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Apr. 9th, 2009 | 10:10 am

Poetic Aside daily challenges can be broad (a memory, an animal), but then, it's never the idea that's valuable or unique, it's the implementation. The official NaPoWriMo (National Poem Writing Month) prompts for the U.S. are also rather open ended (write about paradise, or nicknames) but Joanne Merriam is setting a different bent with the lists she's running. Her normal blogging practice is to pull out quotes from books daily, but now she's posting links to poems to inspire a response, such as “Political Meeting” by A. M. Klein to “The Language” by Robert Creeley and “They are hostile nations” by Margaret Atwood. I'm a sucker for specificity.

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currently reading: road trip books

Apr. 6th, 2009 | 03:27 pm

Narrow Road to the Interior (Shambala, 1991) of Matsuo Basho's trip about northern Japan in 1689. Sam Hamill's forward says that over the 4 years it took Basho to polish his travelogue of the trip we took with his friend, some things shifted to more figurative than the literal walkabout. Like the tight zoom on details of the farmer saying there are too many intersecting roads, best to take his horse, which they did. "Arriving at a village, I tied a small gift to the saddle and the horse turned back." Better than taxis, hands-down.

We're pecking away at Guy Thatcher's A Journey of Days: Relearning Life's Lessons on the Camino de Santiago (GPHB, 2008). I like its historical footnotes and direct quotes of people who have walked Spain's Camino over the last couple millennia. Unlike others who walked for a month or so, he goes with a convivial why-not attitude. Unlike those who have travelled it historically, he is neither pilgrim nor thief. I'm curious to see if he'll fall in with either...In any case it doesn't sound like a glamour trip. Its play-by-play feels like going there vicariously. And since options for anything we would eat seem quite limited and its become so popular to be ecological runoff of people, maybe doing it thru the page is the best way.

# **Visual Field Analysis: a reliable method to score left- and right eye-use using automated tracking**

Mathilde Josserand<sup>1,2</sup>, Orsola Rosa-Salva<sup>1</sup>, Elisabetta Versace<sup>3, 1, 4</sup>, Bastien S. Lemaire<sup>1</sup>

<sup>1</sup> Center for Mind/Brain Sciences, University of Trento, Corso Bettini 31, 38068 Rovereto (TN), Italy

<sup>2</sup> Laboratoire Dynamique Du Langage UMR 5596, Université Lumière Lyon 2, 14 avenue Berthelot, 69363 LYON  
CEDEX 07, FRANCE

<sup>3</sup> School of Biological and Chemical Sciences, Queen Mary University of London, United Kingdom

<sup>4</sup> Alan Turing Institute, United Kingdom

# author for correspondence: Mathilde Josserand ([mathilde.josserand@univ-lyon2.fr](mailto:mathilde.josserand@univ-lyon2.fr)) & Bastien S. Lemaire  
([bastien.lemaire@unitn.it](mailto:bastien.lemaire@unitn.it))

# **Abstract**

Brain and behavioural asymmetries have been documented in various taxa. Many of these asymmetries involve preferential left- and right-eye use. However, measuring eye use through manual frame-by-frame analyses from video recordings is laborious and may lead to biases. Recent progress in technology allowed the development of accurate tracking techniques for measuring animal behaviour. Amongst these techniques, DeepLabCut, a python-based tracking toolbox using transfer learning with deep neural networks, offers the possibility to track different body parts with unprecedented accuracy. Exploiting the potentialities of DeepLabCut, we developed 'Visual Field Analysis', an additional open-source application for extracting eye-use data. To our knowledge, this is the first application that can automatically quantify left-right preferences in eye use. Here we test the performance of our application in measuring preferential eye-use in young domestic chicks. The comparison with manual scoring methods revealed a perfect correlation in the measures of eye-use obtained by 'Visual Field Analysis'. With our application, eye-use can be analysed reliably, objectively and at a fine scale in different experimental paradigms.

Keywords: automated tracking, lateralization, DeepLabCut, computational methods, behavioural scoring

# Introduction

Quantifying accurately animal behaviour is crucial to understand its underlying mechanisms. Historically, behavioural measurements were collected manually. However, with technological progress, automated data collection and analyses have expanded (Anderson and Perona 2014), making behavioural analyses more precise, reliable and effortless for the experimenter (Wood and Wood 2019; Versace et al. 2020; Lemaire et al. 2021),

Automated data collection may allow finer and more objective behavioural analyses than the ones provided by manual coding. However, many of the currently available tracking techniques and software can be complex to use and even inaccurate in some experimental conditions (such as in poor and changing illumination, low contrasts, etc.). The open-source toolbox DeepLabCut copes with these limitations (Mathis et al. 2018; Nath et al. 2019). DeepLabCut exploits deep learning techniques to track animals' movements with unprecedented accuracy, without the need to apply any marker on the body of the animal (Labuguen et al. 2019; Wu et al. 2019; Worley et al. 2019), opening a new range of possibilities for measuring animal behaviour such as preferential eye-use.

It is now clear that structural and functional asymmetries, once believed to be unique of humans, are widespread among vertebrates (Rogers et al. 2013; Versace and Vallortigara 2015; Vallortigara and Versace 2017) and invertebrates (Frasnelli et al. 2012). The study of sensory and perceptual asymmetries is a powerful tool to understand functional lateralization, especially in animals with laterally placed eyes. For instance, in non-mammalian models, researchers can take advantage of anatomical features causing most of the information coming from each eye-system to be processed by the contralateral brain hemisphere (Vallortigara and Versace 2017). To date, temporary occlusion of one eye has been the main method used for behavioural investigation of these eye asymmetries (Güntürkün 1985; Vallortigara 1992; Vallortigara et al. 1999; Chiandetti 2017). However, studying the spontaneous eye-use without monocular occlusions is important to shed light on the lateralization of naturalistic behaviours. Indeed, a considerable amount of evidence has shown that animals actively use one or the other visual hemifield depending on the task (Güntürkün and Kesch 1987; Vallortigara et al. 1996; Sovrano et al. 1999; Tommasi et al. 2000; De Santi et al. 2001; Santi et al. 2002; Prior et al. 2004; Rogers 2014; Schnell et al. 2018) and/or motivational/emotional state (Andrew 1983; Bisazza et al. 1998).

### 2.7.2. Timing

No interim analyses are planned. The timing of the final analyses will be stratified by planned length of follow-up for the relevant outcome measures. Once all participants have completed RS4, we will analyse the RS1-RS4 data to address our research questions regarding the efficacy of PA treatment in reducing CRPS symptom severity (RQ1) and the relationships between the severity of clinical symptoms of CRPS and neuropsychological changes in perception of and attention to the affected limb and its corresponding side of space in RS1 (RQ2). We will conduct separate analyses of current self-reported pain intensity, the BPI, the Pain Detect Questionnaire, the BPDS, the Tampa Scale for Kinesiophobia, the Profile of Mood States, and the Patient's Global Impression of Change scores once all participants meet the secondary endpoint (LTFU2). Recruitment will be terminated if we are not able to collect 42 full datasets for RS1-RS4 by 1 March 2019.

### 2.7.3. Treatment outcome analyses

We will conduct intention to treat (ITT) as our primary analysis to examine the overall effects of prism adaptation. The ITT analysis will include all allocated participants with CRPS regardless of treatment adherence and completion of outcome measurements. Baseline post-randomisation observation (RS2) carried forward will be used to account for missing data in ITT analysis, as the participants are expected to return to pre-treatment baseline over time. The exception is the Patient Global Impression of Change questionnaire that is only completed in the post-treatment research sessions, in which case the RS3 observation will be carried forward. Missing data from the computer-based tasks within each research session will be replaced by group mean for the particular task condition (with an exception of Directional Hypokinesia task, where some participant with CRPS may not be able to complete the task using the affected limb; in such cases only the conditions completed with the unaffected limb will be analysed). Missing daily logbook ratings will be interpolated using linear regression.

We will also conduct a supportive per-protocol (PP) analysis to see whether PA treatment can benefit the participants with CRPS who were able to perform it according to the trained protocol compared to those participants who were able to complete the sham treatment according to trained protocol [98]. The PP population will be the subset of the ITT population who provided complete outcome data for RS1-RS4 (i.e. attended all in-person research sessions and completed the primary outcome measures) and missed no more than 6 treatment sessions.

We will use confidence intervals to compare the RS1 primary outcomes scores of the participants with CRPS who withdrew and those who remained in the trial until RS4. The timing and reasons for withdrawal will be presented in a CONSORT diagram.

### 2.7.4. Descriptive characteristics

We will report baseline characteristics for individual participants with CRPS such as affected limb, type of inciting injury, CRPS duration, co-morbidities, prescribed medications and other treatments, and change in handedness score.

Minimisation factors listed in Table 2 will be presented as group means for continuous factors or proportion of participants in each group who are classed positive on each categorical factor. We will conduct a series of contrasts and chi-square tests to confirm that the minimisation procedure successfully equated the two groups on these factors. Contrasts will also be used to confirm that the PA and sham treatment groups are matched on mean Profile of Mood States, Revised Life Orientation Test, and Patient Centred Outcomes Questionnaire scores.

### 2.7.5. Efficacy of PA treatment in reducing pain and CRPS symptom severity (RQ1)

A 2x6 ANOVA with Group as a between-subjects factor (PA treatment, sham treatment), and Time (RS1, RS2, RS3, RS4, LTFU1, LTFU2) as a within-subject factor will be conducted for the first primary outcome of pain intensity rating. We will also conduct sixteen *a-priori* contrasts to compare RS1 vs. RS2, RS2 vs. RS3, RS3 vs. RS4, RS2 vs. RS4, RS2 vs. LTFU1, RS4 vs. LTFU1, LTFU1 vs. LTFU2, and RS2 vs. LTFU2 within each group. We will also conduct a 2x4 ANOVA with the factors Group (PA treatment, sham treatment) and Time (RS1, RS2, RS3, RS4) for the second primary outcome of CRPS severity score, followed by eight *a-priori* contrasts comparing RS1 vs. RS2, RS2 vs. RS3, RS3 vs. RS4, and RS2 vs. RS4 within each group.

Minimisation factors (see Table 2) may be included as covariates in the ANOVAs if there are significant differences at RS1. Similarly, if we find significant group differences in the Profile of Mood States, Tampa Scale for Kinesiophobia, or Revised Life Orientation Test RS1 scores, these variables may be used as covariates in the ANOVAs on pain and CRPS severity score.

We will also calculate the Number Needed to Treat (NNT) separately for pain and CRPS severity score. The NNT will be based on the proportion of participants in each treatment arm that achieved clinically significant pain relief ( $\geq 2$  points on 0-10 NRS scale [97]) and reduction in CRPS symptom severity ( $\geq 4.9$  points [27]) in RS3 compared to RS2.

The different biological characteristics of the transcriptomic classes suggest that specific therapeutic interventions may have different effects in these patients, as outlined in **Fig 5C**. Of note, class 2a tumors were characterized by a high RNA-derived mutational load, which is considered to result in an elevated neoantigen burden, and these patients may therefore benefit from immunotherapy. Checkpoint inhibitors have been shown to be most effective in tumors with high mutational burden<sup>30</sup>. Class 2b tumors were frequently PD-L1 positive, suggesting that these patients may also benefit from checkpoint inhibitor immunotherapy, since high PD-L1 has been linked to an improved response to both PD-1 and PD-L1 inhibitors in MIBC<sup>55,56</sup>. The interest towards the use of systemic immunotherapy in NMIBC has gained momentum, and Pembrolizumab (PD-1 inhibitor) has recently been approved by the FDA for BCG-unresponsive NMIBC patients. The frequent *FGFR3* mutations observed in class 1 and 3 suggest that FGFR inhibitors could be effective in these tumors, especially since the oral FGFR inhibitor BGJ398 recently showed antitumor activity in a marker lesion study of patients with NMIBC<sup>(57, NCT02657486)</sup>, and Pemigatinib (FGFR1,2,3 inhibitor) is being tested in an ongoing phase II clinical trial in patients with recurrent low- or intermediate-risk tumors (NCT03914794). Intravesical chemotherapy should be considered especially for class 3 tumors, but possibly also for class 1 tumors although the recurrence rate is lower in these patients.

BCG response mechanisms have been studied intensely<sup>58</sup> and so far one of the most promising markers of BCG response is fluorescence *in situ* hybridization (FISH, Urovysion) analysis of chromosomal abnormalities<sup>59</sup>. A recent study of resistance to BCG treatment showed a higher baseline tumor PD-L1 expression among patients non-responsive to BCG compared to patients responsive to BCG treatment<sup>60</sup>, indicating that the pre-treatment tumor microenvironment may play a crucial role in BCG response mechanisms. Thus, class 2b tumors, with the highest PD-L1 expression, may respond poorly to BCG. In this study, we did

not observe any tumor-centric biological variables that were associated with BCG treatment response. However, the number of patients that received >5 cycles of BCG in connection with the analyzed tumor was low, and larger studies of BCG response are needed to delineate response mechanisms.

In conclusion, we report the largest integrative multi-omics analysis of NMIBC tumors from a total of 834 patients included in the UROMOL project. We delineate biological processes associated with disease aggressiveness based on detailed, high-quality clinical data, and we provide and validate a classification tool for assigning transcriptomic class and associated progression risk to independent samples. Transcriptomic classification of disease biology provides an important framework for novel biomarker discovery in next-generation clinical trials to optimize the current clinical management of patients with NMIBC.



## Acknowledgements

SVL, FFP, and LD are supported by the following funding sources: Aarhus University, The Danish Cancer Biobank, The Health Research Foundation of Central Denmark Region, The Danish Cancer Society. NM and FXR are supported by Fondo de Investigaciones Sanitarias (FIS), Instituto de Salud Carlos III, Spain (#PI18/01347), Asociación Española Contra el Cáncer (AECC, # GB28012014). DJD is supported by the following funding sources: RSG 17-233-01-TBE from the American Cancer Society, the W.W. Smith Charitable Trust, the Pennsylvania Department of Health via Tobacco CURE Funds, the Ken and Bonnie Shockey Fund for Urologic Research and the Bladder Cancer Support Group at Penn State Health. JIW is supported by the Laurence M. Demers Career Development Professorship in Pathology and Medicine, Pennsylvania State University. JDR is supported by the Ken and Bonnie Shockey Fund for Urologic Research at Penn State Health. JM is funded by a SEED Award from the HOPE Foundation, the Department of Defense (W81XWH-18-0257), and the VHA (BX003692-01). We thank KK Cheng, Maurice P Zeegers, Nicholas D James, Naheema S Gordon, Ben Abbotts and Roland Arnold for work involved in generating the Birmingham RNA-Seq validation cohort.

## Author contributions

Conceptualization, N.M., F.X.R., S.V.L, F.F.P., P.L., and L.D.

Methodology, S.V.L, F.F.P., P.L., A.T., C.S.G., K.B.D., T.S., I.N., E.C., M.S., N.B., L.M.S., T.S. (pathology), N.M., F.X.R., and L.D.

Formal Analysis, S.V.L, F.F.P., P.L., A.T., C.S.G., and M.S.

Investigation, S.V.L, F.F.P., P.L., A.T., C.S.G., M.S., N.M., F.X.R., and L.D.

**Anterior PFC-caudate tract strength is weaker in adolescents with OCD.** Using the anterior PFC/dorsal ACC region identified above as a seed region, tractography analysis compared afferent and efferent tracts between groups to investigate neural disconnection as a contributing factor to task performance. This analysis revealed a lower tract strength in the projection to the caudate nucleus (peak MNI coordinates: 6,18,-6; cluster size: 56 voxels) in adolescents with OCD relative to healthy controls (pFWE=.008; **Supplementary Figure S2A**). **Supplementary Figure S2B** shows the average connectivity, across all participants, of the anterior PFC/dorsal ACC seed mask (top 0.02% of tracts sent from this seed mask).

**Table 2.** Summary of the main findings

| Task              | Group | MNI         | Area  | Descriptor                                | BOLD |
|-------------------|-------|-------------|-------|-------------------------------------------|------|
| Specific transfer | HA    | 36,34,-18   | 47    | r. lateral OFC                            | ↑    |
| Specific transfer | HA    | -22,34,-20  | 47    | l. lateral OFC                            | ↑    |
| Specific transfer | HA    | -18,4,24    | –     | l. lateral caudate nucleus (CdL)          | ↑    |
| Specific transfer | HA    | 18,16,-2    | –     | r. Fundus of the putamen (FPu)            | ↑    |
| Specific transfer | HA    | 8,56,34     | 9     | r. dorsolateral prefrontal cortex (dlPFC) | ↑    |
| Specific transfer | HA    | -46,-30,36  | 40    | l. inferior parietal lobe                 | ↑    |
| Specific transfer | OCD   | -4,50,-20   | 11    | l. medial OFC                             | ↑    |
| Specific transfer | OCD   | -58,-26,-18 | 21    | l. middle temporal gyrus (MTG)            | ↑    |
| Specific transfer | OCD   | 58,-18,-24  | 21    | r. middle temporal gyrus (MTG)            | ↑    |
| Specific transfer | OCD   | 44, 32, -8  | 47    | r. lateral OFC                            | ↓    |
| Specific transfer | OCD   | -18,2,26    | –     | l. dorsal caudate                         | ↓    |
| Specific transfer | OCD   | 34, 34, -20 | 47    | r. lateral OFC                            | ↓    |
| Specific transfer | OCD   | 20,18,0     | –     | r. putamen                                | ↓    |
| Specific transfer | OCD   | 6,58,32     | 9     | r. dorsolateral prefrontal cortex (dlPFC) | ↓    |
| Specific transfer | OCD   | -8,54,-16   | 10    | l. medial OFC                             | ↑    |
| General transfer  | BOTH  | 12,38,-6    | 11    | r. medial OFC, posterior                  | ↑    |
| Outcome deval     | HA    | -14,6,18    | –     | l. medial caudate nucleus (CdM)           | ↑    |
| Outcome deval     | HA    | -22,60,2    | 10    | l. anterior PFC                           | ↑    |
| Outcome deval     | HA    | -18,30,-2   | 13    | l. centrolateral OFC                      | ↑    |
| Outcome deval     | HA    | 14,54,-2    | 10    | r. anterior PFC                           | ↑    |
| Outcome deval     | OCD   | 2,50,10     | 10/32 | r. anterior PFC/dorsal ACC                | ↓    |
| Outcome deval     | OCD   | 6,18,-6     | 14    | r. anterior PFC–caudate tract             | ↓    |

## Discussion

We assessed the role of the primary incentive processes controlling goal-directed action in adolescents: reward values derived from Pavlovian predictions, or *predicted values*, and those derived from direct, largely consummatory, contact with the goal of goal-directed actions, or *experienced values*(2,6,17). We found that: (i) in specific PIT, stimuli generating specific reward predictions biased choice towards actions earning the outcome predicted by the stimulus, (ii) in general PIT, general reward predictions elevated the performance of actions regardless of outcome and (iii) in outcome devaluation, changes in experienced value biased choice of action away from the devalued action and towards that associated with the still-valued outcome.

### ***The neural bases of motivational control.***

I suppose that it's fitting that I get to 2007's light summer read only now since it's called Fashionably Late. Nadine Dajani's novel (subtitled, "what happens in Cuba, stays in Cuba") had me from the moment she described the smitten on sight as becoming a sudden Snuffleupagus. Is that not perfect? Swaying, ungainly, no one would believe you exist like this here, instantly a child and yet feeling huge and conspicuous. It's basically college teenagers barhopping and squealing yet she tells it in such an appealing way. It's bouncy.

Sean Stanley's deliberate nonsense of Etcetera and Otherwise is hard to describe. It is nonsensical, like if Edward Lear had sex scenes (ending with "We redressed ourselves, and then put our clothes back on", p. 35). The grammar and world regularly upends on a tiltawhirl - "as he spoke he fiddled with his dagger, only to discover the blade could be turned inside out, which released a cloud of mayflies he'd never known were there." (p.53) I wonder when/if there'll be post modern breaking the 4th wall addresses. It's ruthlessly playful, puns and spouts of versey rhyme of the two travelling journeys impossible to conventional ways of thinking. Tightrope Books has published a very strange little work indeed, but glad they did. It's goodly bizarre.